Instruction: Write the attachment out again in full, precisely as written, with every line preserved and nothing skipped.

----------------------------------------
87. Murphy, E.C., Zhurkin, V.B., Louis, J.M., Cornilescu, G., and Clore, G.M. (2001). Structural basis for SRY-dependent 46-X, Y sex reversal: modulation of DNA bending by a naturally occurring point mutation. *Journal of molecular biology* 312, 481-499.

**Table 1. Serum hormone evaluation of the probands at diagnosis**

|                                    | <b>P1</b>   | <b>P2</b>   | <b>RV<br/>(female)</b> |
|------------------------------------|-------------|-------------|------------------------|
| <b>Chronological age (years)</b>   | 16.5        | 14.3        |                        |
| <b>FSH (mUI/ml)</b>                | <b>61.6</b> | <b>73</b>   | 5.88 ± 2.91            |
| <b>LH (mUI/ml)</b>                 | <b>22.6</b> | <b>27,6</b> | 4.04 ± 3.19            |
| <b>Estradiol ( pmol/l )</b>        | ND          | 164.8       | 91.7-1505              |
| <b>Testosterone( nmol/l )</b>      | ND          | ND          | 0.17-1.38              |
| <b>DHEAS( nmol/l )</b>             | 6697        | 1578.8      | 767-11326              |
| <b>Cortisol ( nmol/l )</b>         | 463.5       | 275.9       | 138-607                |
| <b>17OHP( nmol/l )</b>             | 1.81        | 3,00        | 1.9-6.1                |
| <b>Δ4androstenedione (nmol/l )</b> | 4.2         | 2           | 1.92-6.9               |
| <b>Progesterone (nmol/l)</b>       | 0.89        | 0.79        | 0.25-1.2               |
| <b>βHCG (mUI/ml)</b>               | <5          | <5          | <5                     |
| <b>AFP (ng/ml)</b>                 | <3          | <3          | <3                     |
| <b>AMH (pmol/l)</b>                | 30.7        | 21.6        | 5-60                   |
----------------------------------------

87. Murphy, E.C., Zhurkin, V.B., Louis, J.M., Cornilescu, G., and Clore, G.M. (2001). Structural basis for SRY-dependent 46-X, Y sex reversal: modulation of DNA bending by a naturally occurring point mutation. *Journal of molecular biology* 312, 481-499.

**Table 1. Serum hormone evaluation of the probands at diagnosis**

|                                    | <b>P1</b>   | <b>P2</b>   | <b>RV<br/>(female)</b> |
|------------------------------------|-------------|-------------|------------------------|
| <b>Chronological age (years)</b>   | 16.5        | 14.3        |                        |
| <b>FSH (mUI/ml)</b>                | <b>61.6</b> | <b>73</b>   | 5.88 ± 2.91            |
| <b>LH (mUI/ml)</b>                 | <b>22.6</b> | <b>27,6</b> | 4.04 ± 3.19            |
| <b>Estradiol ( pmol/l )</b>        | ND          | 164.8       | 91.7-1505              |
| <b>Testosterone( nmol/l )</b>      | ND          | ND          | 0.17-1.38              |
| <b>DHEAS( nmol/l )</b>             | 6697        | 1578.8      | 767-11326              |
| <b>Cortisol ( nmol/l )</b>         | 463.5       | 275.9       | 138-607                |
| <b>17OHP( nmol/l )</b>             | 1.81        | 3,00        | 1.9-6.1                |
| <b>Δ4androstenedione (nmol/l )</b> | 4.2         | 2           | 1.92-6.9               |
| <b>Progesterone (nmol/l)</b>       | 0.89        | 0.79        | 0.25-1.2               |
| <b>βHCG (mUI/ml)</b>               | <5          | <5          | <5                     |
| <b>AFP (ng/ml)</b>                 | <3          | <3          | <3                     |
| <b>AMH (pmol/l)</b>                | 30.7        | 21.6        | 5-60                   |